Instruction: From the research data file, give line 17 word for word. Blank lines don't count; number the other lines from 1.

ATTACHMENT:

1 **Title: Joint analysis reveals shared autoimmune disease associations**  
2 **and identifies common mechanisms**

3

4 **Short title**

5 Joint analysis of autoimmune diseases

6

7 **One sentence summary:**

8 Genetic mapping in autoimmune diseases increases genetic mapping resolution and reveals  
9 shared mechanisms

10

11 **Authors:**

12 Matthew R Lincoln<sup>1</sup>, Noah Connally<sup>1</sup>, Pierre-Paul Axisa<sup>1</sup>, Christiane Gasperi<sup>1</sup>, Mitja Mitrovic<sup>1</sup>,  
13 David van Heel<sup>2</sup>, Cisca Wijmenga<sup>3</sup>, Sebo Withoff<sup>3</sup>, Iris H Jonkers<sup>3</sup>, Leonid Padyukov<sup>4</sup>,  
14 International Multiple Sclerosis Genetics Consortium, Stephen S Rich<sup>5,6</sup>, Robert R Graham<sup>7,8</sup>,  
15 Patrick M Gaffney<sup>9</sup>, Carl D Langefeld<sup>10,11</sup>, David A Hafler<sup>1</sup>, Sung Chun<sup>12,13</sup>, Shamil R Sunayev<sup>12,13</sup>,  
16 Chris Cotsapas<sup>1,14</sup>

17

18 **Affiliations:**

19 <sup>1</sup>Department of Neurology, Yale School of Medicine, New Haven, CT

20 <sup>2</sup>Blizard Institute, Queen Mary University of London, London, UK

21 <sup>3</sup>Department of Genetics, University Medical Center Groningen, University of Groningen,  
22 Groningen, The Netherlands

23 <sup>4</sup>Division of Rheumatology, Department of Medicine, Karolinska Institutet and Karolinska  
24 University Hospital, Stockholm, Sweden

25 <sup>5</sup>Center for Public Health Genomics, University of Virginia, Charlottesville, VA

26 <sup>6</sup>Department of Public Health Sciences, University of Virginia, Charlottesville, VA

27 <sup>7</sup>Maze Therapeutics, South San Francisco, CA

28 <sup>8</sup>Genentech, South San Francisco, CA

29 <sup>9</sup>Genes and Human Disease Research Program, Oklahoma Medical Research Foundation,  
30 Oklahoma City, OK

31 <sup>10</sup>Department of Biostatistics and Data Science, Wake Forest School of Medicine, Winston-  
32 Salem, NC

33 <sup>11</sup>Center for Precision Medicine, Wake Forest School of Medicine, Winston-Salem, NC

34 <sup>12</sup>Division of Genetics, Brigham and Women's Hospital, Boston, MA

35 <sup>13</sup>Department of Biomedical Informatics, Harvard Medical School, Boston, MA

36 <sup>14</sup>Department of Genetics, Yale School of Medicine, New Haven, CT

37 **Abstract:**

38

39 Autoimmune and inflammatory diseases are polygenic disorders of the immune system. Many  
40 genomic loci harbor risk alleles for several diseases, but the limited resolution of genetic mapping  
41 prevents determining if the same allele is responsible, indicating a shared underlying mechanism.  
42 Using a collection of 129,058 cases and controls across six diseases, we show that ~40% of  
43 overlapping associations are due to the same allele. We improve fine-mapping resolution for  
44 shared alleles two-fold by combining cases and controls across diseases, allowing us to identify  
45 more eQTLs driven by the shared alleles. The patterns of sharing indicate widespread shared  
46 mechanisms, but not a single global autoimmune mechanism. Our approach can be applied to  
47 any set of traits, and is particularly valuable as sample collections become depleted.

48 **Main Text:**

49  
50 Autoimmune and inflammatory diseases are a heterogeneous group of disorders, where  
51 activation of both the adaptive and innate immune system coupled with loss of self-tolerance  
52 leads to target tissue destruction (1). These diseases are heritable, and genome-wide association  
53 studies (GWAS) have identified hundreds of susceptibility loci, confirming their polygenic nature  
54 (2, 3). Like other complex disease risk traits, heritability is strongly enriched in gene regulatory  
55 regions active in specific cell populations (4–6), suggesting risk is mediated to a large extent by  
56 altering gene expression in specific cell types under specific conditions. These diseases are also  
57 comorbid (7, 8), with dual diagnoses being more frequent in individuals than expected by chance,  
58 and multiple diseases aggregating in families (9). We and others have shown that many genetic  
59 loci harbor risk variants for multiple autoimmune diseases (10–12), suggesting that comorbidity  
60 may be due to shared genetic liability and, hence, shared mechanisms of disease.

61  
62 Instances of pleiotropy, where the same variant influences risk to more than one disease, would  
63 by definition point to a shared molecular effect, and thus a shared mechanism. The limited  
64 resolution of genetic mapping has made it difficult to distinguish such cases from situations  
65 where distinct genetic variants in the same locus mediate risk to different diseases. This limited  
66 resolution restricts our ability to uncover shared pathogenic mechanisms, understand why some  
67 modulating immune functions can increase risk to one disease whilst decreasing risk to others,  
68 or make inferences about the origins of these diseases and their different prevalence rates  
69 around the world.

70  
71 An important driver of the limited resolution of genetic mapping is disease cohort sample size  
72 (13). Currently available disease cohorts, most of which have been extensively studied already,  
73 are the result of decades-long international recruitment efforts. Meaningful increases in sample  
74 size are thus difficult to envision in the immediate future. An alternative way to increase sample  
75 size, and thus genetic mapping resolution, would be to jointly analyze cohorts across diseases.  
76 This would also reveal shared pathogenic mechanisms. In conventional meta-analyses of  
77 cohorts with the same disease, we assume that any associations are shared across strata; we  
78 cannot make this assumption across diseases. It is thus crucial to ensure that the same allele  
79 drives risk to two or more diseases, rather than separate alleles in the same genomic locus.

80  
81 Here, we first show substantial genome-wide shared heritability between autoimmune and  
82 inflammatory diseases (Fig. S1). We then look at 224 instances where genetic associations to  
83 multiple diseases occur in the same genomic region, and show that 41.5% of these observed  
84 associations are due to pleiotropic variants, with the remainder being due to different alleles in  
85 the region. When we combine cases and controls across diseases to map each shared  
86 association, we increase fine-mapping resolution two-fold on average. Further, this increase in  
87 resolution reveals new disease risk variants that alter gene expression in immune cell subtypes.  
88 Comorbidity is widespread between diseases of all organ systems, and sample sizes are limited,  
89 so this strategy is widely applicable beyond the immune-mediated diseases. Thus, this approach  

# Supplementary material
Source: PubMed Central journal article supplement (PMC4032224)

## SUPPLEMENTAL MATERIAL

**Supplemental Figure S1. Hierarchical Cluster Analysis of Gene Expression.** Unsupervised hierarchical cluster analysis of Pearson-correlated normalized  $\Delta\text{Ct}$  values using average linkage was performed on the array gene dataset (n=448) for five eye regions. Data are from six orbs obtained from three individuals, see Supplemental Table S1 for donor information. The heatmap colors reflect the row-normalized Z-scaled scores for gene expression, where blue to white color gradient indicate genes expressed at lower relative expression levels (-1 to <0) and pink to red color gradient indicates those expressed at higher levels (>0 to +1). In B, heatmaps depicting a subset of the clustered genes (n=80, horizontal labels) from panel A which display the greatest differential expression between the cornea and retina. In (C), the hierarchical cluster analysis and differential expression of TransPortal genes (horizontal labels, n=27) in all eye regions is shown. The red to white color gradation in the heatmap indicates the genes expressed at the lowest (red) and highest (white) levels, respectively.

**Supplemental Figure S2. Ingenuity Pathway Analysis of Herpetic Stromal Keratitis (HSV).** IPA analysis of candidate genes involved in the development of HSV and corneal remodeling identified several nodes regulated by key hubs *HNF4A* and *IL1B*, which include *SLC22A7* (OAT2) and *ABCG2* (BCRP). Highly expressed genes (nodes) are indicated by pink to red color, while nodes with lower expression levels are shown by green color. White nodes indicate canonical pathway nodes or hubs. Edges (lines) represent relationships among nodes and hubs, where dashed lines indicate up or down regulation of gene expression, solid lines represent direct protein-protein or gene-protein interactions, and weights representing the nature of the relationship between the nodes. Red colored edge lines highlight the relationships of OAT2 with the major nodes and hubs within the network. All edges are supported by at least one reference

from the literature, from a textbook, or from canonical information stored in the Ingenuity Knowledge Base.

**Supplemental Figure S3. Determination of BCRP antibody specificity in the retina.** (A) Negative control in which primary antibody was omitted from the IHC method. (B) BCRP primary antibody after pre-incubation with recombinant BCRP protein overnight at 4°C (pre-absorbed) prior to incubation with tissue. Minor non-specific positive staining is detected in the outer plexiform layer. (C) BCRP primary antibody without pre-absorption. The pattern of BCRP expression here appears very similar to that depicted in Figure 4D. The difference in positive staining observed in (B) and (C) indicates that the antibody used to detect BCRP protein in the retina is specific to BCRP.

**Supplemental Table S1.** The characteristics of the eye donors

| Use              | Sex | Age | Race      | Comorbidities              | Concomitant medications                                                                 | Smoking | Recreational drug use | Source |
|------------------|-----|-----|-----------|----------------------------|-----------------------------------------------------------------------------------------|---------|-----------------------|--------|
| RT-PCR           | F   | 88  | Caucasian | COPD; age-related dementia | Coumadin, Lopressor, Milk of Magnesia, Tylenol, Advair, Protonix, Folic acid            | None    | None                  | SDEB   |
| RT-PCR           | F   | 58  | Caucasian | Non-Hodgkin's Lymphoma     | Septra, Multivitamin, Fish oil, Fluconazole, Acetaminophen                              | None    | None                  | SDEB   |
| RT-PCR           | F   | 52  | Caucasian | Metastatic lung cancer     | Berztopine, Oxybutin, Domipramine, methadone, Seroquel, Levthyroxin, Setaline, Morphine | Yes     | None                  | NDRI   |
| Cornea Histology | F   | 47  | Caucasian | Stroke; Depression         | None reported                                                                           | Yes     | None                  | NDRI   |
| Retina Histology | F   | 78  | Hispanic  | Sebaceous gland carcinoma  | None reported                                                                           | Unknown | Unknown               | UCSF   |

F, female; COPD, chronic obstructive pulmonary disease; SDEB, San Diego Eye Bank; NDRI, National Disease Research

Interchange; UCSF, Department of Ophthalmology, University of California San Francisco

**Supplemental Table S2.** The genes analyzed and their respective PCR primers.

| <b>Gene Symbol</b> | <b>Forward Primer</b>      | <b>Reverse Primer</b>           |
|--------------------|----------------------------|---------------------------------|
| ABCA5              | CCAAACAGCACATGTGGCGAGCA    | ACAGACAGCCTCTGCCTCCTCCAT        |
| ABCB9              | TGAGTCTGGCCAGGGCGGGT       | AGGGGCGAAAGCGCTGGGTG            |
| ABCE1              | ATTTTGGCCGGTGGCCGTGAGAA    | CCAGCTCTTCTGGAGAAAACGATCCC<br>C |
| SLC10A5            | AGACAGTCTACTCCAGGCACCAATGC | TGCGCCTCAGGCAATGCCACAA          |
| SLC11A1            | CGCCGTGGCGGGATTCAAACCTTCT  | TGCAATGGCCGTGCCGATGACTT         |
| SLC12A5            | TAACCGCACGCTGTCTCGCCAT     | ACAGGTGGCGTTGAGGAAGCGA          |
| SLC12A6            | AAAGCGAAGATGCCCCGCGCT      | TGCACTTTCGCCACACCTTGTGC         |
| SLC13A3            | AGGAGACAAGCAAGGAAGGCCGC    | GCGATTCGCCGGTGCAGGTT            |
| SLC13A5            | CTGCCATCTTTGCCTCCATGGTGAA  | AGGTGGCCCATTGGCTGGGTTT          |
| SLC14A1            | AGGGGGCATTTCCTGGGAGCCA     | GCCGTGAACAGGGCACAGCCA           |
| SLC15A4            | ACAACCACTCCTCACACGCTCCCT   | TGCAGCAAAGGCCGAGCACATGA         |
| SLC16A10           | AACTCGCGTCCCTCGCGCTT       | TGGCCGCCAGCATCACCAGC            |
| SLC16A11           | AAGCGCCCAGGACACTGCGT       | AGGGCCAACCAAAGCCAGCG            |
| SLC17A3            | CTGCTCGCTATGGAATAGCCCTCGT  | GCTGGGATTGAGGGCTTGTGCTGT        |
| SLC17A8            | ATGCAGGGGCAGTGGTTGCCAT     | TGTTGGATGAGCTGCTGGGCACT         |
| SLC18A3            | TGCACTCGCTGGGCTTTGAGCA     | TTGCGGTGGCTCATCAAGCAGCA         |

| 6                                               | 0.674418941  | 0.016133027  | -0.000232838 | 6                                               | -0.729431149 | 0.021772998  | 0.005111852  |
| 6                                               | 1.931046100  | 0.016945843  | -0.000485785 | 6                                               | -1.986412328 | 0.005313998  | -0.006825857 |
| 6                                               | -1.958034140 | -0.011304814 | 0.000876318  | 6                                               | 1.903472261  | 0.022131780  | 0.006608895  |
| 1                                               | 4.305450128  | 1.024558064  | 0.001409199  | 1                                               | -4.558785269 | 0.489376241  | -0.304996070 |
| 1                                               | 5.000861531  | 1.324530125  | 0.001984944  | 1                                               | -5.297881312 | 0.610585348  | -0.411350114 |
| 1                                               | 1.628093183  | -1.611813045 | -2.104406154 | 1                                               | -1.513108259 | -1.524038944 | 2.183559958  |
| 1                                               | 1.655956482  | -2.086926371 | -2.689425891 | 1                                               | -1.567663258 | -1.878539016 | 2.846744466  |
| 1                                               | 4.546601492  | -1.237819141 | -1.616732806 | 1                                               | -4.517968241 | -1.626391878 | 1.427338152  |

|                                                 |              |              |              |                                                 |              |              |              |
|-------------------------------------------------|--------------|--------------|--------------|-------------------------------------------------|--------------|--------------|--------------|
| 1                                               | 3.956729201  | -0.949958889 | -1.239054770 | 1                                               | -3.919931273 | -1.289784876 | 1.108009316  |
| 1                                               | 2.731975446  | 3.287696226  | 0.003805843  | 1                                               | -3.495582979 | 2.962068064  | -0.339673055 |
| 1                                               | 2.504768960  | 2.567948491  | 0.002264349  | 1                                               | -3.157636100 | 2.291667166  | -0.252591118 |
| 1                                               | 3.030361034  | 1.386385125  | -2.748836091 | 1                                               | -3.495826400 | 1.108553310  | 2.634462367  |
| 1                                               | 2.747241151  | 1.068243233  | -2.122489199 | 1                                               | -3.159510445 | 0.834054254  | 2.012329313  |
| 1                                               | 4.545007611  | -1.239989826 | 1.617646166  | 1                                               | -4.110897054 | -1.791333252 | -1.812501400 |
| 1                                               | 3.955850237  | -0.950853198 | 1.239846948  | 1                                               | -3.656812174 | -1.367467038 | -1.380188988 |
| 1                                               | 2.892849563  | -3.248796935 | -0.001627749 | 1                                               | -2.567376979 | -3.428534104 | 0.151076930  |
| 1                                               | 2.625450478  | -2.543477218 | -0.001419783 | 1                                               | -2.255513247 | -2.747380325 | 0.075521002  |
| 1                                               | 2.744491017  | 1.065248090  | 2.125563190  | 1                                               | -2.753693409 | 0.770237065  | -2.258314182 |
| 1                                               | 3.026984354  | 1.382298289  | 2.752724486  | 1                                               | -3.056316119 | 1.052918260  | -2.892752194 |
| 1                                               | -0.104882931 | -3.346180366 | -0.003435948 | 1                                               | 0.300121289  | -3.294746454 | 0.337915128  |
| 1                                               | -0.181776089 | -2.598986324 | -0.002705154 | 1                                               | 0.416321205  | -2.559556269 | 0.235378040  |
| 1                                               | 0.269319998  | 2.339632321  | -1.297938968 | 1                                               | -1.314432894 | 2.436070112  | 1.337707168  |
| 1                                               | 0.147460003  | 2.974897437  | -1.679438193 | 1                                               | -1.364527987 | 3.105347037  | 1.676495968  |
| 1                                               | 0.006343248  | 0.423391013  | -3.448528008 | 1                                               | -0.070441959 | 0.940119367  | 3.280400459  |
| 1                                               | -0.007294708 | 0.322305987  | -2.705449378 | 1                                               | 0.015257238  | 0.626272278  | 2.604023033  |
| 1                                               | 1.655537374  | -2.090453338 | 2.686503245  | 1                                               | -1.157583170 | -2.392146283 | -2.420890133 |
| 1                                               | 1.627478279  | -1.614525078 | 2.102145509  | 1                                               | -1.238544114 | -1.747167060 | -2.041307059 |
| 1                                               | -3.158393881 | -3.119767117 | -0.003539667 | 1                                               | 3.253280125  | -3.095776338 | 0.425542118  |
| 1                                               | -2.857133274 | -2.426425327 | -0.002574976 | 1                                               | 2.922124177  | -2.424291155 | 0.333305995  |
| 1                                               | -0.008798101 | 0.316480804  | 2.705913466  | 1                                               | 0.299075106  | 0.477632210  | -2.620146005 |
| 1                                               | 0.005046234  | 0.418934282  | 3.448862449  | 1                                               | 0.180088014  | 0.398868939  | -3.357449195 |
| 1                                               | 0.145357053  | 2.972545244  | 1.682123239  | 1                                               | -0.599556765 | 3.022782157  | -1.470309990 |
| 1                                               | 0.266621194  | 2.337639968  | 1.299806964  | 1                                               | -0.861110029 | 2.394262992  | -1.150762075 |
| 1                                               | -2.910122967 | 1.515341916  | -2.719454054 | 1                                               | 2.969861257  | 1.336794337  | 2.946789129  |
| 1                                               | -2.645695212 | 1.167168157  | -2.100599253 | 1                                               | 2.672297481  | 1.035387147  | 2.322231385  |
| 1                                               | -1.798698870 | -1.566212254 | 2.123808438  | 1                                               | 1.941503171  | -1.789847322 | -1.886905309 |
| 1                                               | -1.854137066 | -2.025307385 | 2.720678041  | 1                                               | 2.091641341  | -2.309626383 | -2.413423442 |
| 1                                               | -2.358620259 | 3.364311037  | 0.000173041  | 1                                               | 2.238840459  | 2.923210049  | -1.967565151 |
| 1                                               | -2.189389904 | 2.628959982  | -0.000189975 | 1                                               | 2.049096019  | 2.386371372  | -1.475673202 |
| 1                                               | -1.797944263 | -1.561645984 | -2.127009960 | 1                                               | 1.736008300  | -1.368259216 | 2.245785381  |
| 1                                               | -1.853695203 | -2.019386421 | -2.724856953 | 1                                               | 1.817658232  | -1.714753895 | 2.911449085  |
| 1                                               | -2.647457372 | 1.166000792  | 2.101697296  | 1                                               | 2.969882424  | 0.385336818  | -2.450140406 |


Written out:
17